The prevailing point of view is that the people's adherence to Kim's cult of personality was solely out of respect for Kim Il-sung or out of fear of punishment for failure to pay homage. Media and government sources from outside North Korea generally support this view, while North Korean government sources aver that it was genuine hero worship. The song "No Motherland Without You", sung by the KPA State Merited Choir, was created especially for Kim in 1992 and is frequently broadcast on the radio and from loudspeakers on the streets of Pyongyang.
Kim was named Chairman of the National Defence Commission on 9 April 1993, making him day-to-day commander of the armed forces.
On 8 July 1994, Kim il-sung died at the age of 82 from a heart attack. Although Kim Jong-il had been his father's designated successor as early as 1974, named commander-in-chief in 1991, and became Supreme Leader upon his father's death, it took him some time to consolidate his power.
In 1994, North Korea and the United States signed an Agreed Framework which was designed to freeze and eventually dismantle the North's nuclear weapons program in exchange for aid in producing two power-generating nuclear reactors and the assurance that it would not be invaded again. In 2000, after a meeting with Madeleine Albright, he agreed to a moratorium on missile construction. In 2002, Kim's government admitted to having produced nuclear weapons since the 1994 agreement. Kim's regime argued the secret production was necessary for security purposes – citing the presence of United States-owned nuclear weapons in South Korea and the new tensions with the United States under President George W. Bush. On 9 October 2006, North Korea's Korean Central News Agency announced that it had successfully conducted an underground nuclear test.
He officially took over his father's old post as General Secretary of the Workers' Party of Korea on 8 October 1997. In 1998, he was reelected as chairman of the National Defence Commission, and a constitutional amendment declared that post to be "the highest post of the state." Also in 1998, the Supreme People's Assembly wrote the president's post out of the constitution and designated Kim Il-sung as the country's "Eternal President" in order to honor his memory forever.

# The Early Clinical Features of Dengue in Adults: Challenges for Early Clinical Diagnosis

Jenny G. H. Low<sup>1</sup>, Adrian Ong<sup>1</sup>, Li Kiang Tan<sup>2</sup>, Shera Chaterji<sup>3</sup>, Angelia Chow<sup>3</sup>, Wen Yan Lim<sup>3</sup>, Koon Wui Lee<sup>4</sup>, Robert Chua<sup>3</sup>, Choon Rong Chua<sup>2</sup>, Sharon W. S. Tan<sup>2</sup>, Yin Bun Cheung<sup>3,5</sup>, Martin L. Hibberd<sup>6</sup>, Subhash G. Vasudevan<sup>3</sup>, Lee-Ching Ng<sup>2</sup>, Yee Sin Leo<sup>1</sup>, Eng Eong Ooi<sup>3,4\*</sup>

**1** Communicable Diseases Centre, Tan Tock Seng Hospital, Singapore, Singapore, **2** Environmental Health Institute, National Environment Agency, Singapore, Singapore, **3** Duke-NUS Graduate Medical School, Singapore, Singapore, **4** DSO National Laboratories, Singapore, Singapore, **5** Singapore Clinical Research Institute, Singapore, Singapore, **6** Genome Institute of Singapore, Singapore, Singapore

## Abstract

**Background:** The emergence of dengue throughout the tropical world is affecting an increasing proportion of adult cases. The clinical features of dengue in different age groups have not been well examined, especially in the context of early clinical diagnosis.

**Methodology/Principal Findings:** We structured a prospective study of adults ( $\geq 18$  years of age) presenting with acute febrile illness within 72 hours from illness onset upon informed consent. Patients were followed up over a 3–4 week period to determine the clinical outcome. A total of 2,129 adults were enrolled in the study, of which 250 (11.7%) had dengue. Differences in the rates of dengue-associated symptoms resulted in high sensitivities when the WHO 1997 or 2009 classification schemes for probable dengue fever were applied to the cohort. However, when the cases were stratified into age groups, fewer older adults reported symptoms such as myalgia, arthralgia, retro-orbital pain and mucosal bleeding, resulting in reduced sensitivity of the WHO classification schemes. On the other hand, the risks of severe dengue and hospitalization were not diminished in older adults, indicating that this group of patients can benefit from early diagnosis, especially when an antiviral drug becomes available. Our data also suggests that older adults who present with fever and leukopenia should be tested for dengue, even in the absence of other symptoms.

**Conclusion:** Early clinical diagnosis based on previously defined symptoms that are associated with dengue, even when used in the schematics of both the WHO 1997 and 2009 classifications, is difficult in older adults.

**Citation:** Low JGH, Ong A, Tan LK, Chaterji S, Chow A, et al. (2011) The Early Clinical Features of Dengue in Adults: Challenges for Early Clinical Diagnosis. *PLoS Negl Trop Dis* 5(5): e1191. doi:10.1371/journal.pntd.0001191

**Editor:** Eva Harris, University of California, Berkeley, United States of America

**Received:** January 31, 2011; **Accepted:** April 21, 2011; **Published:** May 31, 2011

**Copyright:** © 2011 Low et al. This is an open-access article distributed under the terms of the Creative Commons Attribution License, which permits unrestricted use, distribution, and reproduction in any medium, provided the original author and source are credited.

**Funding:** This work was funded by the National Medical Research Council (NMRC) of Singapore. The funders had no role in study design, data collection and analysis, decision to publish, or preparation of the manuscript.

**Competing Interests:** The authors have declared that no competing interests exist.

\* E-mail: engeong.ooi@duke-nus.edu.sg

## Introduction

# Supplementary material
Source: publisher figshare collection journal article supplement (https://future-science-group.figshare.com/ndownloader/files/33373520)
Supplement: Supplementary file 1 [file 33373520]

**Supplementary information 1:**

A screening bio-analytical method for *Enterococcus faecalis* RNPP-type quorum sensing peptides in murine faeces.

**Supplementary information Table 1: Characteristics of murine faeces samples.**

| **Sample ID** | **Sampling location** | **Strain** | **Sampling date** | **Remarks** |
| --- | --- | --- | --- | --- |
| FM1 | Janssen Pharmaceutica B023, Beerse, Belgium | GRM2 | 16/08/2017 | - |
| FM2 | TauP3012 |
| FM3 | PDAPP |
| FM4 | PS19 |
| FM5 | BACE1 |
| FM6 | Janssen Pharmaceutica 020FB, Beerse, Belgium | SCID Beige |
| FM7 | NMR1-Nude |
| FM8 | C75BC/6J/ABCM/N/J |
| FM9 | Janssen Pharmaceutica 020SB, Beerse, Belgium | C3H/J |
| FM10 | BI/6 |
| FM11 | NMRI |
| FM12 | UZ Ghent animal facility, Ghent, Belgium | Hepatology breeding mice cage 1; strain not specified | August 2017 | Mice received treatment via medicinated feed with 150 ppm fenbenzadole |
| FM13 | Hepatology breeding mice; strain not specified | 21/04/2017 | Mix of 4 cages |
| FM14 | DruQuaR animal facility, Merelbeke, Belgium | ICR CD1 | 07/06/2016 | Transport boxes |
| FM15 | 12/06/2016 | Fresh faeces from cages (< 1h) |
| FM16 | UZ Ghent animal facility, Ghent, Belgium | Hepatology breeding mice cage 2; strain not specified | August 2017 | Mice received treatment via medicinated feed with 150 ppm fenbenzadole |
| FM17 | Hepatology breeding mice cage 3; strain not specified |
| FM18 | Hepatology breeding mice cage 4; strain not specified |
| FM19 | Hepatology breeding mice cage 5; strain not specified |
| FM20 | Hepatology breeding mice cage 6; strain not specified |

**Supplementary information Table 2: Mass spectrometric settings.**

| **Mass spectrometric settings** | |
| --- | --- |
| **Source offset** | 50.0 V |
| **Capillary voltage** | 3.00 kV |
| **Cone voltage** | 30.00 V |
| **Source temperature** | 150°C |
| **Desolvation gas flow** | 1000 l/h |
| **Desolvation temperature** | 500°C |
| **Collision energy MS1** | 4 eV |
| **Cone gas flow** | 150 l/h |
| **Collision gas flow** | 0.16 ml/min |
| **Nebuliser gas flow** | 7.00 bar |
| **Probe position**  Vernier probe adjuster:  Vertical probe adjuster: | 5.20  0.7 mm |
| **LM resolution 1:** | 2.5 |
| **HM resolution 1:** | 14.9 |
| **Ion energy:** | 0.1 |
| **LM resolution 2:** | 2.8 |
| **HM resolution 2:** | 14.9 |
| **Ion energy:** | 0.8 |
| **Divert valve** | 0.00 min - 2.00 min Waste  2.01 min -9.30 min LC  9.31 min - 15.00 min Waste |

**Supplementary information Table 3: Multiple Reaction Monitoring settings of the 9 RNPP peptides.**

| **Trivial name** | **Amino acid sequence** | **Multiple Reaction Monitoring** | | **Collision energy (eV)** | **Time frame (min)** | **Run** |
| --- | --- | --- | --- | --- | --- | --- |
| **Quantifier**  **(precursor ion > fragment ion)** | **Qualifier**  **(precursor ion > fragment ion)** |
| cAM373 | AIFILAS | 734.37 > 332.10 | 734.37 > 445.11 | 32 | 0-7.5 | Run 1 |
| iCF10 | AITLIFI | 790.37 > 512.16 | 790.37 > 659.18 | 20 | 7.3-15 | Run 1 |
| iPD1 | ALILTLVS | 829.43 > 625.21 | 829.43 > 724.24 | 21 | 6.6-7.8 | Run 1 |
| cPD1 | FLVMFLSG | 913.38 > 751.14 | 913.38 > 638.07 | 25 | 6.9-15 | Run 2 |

Kim was known as a skilled and manipulative diplomat. In 1998, South Korean President Kim Dae-jung implemented the "Sunshine Policy" to improve North-South relations and to allow South Korean companies to start projects in the North. Kim announced plans to import and develop new technologies to develop North Korea's fledgling software industry. As a result of the new policy, the Kaesong Industrial Park was constructed in 2003 just north of the de-militarized zone.
United States Special Envoy for the Korean Peace Talks, Charles Kartman, who was involved in the 2000 Madeleine Albright summit with Kim, characterised Kim as a reasonable man in negotiations, to the point, but with a sense of humor and personally attentive to the people he was hosting. However, psychological evaluations conclude that Kim's antisocial features, such as his fearlessness in the face of sanctions and punishment, served to make negotiations extraordinarily difficult.
According to North Korean sources, Kim published some 890 works during a period of his career from June 1964 to June 1994. According to KCNA, the number of works from 1964 to 2001 was 550. In 2000, it was reported that the Workers' Party of Korea Publishing House has published at least 120 works by Kim. In 2009, KCNA put the numbers as follows: